In fact, the invention of radar and radio broadcasting are closely tied to weather experiments. Following Heinrich Herz’s (1857–1894) pioneering work on radio waves, the physicist Alexander Popov (1859–1906) inadvertently invented radar while he was trying to build a lightning sensor using radio waves. Popov noticed that each of the ships he used to gather readings were blocking each other’s measurements, but that this offered an oddly effective way to locate the other barges. Building on these findings, Gugliemo Marconi (1874–1937) invented the first radio communication system as a means to send telegraph messages wirelessly. The same pings that we associate with a radar screen would, in this case, beat to the rhythm of Morse code and send the message out over the air. In this way, Marconi’s wireless telegraph was strangely kindred to the wi-fi and cell phone transmissions we still receive on the radio spectrum. The staccato volleys of telegraph tones were quite literally digital, and they share many qualities with the languages and encodings that circulate through today’s electronics. Given the many uses we still have for the radio spectrum, it is worth recalling that old technologies rarely go away. Weather vanes still perch on roofs to tell the direction of the wind, mercury thermometers can detect a fever in a pinch, and the magnetic compass is still an effective navigational tool. Digital instruments are more common today, and in many ways more useful for data analysis, but the story of sensors is vastly historical. Although this section stops well short of the present day, it should illustrate that sensors have played a massive role in human history. Much of what we know about the world, we know through sensors that extend and quantify our natural capacities. We can say with certainty if it was warmer yesterday than it is today. We can reckon when it is midnight in Delhi. We have heard the voice of Winston Churchill. Sensors are also at the heart of communications media that enable us to gather and distribute information. Many of the researchers discussed above were only able to make progress in their work once they could gather data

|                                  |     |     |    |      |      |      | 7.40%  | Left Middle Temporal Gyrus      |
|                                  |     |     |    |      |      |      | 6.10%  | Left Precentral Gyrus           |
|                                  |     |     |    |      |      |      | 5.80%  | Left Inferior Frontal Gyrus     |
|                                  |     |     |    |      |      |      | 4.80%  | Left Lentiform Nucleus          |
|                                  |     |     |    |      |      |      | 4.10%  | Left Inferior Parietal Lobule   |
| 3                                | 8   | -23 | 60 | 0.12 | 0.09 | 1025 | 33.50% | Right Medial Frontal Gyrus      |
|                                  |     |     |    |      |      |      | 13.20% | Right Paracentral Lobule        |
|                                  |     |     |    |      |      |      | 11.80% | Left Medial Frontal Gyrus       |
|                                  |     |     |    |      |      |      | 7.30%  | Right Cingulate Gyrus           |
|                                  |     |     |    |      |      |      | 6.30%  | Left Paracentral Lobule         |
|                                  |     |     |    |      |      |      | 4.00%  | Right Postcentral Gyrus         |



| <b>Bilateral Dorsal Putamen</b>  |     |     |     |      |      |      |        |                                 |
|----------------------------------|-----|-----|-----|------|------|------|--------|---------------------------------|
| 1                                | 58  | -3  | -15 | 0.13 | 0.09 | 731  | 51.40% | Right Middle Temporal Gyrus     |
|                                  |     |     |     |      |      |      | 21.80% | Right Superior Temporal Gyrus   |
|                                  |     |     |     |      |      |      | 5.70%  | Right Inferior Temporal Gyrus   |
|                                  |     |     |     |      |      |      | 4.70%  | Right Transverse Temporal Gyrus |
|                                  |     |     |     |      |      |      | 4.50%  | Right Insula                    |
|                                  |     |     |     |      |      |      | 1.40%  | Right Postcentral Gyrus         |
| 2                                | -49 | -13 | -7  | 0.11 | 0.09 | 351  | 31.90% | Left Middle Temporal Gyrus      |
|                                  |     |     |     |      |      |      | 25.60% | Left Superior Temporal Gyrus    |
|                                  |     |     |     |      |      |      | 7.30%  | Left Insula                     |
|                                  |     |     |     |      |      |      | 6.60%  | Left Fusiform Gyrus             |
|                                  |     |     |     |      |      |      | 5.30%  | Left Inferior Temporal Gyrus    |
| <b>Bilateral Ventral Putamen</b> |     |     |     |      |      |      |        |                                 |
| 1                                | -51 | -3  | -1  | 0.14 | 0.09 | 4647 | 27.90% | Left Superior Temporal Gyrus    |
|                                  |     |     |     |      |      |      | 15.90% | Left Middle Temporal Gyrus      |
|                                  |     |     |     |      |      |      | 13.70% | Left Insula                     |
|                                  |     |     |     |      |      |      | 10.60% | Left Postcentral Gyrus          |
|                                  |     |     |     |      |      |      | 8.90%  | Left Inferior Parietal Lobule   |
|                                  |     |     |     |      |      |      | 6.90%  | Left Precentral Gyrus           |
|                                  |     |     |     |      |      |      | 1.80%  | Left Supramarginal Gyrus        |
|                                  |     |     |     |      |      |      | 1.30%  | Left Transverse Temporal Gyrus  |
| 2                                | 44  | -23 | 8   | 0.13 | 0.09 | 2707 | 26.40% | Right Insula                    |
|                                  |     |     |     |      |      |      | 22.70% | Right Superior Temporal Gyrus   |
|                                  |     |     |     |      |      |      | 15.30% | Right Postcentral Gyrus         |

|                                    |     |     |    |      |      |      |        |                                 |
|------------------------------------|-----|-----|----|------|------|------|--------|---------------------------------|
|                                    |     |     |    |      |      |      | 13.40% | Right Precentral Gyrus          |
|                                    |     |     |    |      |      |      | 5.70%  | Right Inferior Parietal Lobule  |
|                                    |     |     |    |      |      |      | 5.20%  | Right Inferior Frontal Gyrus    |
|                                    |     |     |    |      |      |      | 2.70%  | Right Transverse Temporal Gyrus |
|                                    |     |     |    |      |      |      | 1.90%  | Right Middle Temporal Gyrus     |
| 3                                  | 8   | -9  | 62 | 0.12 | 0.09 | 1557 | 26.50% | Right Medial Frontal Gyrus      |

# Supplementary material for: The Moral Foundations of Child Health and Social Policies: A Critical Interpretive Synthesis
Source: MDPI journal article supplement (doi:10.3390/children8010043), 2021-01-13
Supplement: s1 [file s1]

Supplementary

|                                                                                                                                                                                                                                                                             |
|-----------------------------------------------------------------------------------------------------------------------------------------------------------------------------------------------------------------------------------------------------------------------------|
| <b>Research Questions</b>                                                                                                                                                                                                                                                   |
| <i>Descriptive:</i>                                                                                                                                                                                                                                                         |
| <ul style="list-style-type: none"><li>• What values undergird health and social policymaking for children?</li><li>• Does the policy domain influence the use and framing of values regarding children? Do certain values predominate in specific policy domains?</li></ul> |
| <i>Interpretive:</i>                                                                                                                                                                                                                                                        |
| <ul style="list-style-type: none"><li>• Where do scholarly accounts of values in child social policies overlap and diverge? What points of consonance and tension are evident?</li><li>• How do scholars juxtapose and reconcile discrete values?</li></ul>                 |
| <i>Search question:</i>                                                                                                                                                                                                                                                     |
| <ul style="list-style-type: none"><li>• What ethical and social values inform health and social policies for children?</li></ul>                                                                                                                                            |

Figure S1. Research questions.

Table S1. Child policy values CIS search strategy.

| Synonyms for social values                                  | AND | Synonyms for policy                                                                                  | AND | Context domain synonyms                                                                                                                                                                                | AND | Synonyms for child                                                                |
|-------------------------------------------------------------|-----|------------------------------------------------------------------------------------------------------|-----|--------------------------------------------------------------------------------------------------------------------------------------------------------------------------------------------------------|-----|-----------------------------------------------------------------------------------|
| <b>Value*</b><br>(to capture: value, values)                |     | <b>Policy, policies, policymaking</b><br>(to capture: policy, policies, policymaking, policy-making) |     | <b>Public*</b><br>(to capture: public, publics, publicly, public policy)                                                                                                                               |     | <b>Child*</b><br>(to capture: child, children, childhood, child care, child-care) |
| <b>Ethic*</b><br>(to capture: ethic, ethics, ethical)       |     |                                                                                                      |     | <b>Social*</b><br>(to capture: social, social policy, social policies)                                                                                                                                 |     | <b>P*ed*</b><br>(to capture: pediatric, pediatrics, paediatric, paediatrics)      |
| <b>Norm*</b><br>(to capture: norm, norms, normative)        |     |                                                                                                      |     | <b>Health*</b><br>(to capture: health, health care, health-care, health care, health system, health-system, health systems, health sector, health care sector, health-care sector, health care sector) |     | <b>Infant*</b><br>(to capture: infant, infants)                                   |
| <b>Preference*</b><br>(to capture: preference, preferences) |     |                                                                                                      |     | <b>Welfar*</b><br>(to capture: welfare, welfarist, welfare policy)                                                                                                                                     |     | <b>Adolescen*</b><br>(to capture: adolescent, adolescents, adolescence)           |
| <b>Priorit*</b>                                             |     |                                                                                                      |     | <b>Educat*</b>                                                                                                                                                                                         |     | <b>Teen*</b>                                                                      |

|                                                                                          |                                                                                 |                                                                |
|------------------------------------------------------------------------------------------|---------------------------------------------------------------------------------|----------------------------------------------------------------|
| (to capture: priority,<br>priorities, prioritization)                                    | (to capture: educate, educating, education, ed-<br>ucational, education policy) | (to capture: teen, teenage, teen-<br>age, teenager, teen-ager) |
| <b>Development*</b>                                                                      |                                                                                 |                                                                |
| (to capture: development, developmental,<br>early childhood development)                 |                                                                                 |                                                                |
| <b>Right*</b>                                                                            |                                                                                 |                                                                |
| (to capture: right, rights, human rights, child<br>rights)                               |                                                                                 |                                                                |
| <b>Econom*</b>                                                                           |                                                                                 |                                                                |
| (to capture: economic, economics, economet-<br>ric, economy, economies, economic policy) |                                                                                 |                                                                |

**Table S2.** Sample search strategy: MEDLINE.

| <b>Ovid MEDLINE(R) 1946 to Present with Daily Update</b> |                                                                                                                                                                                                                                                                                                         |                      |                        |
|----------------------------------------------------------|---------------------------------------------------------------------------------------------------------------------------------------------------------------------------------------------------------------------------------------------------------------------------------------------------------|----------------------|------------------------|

from a dispersed group of collaborators. Sensors enable us to investigate what we simply cannot see, hear, or touch. These instruments have quite literally provided us with new senses, and they are, as a result, the most difficult to scrutinize.